Vlastimil Hort: Remembering Paul Keres

by Vlastimil Hort
6/2/2017 – Paul Keres was perhaps the best of all the top players who never became World Champion. For decades he was among the world's elite and he was also an excellent commentator and renowned theoretician. Vlastimil Hort remembers his encounters with the great Estonian.

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Paul Keres, born 7th January 1916 – died 5th June 1975. A capricorn!

The talent of Keres was great and it soon was noticed. Here's a report by International Master Vladas Mikenas: "In 1928 I visited Pärnu where I played a simul. During the simul a dark-haired, 12-year old boy demanded my whole attention. I always had to stop at his board for a long time to think. But in vain, all my attempts to save the game failed. The boy received the deserved applause and asked me modestly whether we could play some blitz games. I left Pärnu with the firm conviction that I had played with a player who would once be a star among the very best."

"I learnt chess quite early. I was not yet five years old when my brother and I were allowed to watch how my father played chess against the service personnel. We did not know yet that you can write games down. After we had discovered chess in magazines and books I acquired a thick notebook in which I kept my notes to openings and hundreds of master games. At this time I started with correspondence chess, and sometimes played 150 correspondence games simultaneously. In 1929, when I was about 13 years old, I won the Estonian Junior Championship." Paul Keres

When he was 18 years old Keres won the Estonian Championship. 1935, 1937, 1939 – Chess Olympiads. With Keres Estonia has a very strong player who also scores well on first board. „A star is born“. In 1940 Stalin annexed the Baltic countries and the Estonian Paul Keres became the Soviet citizen Paul Petrovic Keres.

Paul Keres - National hero of Estonia

While writing I admiringly read Keres' collection of selected games, "The Road to the Top" and "The Quest for Perfection". Keres had an enormous number of games he could choose from. Statistics tell us that he played 1,328 tournament games (+952, =188, -188) in his career. A fascinatingly low drawing precentage. But he did not only play, he was also a renowned composer of studies. In the Soviet Union his "100 Selected Games" were published in 1966 but it also appeared in Estonian and German, and I gradually start to understand that Keres, the perennial second and six-time candidate, had been a much better chess ace than I had thought. His notes to his 100 selected games are simply World Champion level!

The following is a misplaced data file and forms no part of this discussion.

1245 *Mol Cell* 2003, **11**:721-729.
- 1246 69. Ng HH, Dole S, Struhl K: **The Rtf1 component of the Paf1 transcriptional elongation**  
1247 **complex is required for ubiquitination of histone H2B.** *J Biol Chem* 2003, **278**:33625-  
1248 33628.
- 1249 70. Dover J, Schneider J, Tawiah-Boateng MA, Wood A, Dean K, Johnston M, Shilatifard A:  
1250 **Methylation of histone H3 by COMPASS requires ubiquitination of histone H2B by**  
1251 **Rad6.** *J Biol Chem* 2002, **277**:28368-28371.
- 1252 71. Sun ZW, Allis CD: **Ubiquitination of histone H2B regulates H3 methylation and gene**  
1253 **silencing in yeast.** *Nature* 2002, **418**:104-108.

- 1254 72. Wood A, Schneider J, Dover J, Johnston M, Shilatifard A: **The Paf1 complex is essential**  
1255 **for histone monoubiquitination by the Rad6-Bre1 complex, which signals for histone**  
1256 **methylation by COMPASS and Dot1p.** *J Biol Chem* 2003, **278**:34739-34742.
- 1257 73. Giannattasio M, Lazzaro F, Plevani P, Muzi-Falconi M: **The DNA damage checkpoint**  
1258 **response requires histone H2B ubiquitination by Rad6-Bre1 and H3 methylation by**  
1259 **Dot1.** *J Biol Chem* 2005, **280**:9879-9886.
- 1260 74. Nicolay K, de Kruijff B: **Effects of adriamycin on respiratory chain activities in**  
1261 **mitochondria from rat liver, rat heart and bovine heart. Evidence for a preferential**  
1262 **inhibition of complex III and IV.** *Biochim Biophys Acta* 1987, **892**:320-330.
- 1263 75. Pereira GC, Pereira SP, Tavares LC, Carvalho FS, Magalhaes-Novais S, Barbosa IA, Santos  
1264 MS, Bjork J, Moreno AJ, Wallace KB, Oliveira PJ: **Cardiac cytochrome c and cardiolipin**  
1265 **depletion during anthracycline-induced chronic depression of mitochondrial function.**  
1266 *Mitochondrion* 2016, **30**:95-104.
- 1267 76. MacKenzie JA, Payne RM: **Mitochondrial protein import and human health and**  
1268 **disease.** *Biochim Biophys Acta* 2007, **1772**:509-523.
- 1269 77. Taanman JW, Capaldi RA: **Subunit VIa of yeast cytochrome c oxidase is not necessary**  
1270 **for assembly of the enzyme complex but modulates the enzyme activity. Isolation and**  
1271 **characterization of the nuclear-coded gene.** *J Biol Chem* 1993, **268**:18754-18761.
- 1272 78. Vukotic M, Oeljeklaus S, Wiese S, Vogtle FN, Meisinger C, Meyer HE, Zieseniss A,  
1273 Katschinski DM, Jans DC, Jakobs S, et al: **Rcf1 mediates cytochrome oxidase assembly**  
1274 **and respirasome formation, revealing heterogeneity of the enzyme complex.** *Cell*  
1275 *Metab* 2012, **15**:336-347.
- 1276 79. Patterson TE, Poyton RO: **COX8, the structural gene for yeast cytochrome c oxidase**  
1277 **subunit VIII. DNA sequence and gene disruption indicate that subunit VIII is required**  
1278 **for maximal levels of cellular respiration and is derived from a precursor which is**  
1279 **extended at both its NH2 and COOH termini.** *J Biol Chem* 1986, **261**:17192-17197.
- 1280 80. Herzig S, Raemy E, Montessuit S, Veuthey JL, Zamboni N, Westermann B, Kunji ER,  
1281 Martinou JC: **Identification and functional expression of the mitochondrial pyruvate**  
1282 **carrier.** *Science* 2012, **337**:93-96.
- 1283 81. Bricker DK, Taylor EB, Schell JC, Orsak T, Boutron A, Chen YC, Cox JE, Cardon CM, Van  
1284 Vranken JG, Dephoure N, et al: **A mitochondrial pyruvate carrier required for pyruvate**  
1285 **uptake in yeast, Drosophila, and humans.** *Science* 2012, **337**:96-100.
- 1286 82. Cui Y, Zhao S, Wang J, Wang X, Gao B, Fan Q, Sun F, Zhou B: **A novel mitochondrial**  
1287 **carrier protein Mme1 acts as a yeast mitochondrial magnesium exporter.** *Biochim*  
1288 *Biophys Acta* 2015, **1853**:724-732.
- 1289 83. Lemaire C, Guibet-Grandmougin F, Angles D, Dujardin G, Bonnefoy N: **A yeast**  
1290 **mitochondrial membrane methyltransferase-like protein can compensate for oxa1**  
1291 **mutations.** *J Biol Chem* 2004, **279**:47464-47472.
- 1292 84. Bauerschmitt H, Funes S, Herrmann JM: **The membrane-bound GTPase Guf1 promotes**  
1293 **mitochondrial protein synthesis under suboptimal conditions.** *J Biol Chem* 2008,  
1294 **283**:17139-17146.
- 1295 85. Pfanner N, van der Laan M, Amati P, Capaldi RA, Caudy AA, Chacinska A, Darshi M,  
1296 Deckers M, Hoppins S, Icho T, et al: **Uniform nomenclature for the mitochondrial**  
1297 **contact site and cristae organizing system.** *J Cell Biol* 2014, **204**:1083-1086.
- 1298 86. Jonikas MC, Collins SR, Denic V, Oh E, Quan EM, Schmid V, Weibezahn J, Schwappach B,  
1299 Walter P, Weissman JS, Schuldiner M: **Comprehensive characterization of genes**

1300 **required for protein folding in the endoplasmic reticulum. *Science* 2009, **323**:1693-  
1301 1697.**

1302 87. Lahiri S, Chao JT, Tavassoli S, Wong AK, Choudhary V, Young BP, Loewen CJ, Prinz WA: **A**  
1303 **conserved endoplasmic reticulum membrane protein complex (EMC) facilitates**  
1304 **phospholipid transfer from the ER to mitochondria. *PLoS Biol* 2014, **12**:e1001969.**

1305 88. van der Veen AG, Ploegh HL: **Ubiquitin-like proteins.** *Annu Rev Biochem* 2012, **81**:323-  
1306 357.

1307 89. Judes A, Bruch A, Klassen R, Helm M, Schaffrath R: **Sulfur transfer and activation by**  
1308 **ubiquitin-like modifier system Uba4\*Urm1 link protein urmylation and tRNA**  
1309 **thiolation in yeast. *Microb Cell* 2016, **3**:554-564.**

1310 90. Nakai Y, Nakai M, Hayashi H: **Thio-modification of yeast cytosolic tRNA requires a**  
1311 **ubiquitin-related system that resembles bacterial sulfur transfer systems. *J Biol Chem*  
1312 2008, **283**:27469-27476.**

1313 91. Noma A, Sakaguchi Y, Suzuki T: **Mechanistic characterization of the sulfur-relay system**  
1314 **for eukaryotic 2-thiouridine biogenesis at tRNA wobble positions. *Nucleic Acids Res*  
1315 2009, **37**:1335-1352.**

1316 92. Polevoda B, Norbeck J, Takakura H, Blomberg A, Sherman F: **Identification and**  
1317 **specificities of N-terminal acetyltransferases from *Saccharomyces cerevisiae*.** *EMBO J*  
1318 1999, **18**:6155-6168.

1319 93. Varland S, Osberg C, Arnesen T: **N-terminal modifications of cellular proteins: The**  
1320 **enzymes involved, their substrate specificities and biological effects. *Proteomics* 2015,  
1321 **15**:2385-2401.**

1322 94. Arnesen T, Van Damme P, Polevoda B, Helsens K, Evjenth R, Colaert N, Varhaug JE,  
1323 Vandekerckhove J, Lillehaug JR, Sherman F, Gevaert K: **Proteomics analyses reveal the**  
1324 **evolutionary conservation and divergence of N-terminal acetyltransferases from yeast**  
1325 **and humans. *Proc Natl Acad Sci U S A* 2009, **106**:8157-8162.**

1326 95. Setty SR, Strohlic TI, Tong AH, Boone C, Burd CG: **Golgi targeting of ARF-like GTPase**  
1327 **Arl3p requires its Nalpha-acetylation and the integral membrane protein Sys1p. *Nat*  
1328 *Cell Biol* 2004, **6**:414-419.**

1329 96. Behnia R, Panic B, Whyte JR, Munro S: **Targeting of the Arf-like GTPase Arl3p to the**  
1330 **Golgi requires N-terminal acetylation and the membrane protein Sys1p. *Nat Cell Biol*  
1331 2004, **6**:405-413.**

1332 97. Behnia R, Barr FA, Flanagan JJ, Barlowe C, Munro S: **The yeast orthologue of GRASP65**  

Amateurs very often ask me: "How can I improve my chess?" I like to reply: "Try to play your games as if you were stroking a cat. That is, from the head to the tail and never against the fur. If you also study the selected games from Keres' book and manage to master 150 correspondence games simultaneously - as he did - your rating will soon rise considerably."

I feel flattered because Keres included the game Hort-Keres – European Championship, Oberhausen, 1961 (No 91) into his collection of games. I remember that my opponent was dressed like a fashion model. He was shaved to perfection, fragranced and was wearing a classic suit with tie and tie-pin. His German was perfect. He calmly wrote down the moves in elegant handwriting and long notation. When I was in time-trouble he remained a gentleman and did not hammer the clock like mad.

Oberhausen 1961, Hort (with white shirt). Tal and Petrosian are kibitzing.